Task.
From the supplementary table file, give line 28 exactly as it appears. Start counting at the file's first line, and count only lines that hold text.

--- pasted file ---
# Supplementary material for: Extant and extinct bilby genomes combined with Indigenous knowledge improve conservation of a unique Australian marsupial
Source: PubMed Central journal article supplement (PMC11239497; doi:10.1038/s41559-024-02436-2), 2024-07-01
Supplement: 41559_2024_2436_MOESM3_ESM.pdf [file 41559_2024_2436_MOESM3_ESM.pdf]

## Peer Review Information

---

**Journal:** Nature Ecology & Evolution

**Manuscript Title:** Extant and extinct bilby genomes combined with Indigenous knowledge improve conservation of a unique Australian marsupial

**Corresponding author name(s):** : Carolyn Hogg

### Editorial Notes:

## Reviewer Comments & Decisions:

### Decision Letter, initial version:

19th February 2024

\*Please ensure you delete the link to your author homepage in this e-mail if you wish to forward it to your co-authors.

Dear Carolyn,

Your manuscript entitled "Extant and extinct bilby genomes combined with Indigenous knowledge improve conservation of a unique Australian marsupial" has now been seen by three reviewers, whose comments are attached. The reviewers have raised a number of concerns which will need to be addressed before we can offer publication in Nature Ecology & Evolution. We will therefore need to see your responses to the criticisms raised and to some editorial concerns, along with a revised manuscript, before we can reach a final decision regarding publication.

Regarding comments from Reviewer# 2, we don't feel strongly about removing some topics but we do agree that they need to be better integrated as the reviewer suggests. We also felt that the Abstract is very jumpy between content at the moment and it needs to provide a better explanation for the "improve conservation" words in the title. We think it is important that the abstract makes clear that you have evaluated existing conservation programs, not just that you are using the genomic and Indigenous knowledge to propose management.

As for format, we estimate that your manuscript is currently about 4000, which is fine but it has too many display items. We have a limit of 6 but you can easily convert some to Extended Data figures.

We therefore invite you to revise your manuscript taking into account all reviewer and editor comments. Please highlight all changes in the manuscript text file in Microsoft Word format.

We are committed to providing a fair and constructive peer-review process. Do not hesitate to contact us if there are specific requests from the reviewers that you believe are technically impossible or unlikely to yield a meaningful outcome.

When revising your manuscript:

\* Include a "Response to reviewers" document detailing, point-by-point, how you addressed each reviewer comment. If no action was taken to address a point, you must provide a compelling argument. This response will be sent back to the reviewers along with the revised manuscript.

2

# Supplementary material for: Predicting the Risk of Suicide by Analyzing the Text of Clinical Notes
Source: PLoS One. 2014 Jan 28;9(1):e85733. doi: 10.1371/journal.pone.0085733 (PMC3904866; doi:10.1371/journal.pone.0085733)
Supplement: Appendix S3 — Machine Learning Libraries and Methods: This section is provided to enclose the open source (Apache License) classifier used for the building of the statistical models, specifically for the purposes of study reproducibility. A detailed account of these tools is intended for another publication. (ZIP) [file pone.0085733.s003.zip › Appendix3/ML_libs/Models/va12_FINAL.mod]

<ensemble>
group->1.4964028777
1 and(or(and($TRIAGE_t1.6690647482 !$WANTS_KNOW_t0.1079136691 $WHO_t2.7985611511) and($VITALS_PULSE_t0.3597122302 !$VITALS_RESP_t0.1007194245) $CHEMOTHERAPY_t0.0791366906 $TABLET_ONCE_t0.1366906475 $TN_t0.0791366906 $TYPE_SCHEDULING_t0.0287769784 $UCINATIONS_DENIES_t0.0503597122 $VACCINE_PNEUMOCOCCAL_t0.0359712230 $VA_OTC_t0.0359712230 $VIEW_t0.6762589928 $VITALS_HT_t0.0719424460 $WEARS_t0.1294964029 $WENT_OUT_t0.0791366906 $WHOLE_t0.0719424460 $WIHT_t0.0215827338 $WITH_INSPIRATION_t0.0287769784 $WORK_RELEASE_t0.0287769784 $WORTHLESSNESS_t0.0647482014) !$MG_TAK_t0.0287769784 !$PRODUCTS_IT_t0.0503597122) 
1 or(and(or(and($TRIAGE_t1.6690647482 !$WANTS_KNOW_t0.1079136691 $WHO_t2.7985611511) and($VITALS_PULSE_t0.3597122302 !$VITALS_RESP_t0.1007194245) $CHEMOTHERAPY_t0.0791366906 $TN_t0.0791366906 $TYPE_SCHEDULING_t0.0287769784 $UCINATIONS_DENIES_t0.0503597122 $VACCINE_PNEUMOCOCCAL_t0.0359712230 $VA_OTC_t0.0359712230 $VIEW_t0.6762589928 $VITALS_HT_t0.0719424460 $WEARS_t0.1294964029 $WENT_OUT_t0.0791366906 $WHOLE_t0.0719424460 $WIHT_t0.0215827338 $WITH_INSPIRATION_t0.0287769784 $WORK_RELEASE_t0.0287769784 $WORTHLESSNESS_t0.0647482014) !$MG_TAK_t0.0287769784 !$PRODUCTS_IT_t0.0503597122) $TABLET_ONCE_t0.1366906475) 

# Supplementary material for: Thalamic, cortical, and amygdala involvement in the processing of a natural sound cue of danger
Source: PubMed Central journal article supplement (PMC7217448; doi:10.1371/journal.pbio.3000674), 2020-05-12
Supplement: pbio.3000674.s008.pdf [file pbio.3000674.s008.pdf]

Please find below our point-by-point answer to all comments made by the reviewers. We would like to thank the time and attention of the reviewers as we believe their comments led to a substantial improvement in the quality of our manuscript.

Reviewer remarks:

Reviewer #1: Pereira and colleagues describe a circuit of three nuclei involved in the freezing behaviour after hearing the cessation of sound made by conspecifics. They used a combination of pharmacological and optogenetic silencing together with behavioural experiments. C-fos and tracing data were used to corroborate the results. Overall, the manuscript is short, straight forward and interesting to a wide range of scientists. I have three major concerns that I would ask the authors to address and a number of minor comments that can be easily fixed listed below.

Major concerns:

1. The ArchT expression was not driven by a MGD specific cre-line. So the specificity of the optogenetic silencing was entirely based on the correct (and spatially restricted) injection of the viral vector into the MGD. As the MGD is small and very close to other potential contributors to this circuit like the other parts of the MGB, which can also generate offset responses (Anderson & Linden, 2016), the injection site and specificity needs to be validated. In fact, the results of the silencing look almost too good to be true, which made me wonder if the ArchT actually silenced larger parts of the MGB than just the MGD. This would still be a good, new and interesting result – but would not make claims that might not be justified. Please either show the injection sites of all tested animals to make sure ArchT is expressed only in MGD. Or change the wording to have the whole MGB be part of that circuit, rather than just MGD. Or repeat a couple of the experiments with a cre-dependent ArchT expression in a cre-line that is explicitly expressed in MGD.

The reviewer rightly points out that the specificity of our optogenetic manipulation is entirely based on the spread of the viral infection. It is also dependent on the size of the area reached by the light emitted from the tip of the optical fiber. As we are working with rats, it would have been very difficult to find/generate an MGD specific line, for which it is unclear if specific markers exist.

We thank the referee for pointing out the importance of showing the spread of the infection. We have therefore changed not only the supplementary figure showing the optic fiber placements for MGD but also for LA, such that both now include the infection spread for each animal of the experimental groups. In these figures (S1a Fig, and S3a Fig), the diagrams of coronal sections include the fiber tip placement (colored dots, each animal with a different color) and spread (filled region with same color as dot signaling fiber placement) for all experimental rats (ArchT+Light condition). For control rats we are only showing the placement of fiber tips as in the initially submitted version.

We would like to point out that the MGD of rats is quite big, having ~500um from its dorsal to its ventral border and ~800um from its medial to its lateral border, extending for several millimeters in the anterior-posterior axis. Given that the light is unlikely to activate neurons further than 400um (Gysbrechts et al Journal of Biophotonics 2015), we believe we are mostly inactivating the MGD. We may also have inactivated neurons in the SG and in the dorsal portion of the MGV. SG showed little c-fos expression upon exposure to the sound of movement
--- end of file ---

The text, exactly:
1 and(or(and($TRIAGE_t1.6690647482 !$WANTS_KNOW_t0.1079136691 $WHO_t2.7985611511) and($VITALS_PULSE_t0.3597122302 !$VITALS_RESP_t0.1007194245) $CHEMOTHERAPY_t0.0791366906 $TABLET_ONCE_t0.1366906475 $TN_t0.0791366906 $TYPE_SCHEDULING_t0.0287769784 $UCINATIONS_DENIES_t0.0503597122 $VACCINE_PNEUMOCOCCAL_t0.0359712230 $VA_OTC_t0.0359712230 $VIEW_t0.6762589928 $VITALS_HT_t0.0719424460 $WEARS_t0.1294964029 $WENT_OUT_t0.0791366906 $WHOLE_t0.0719424460 $WIHT_t0.0215827338 $WITH_INSPIRATION_t0.0287769784 $WORK_RELEASE_t0.0287769784 $WORTHLESSNESS_t0.0647482014) !$MG_TAK_t0.0287769784 !$PRODUCTS_IT_t0.0503597122) 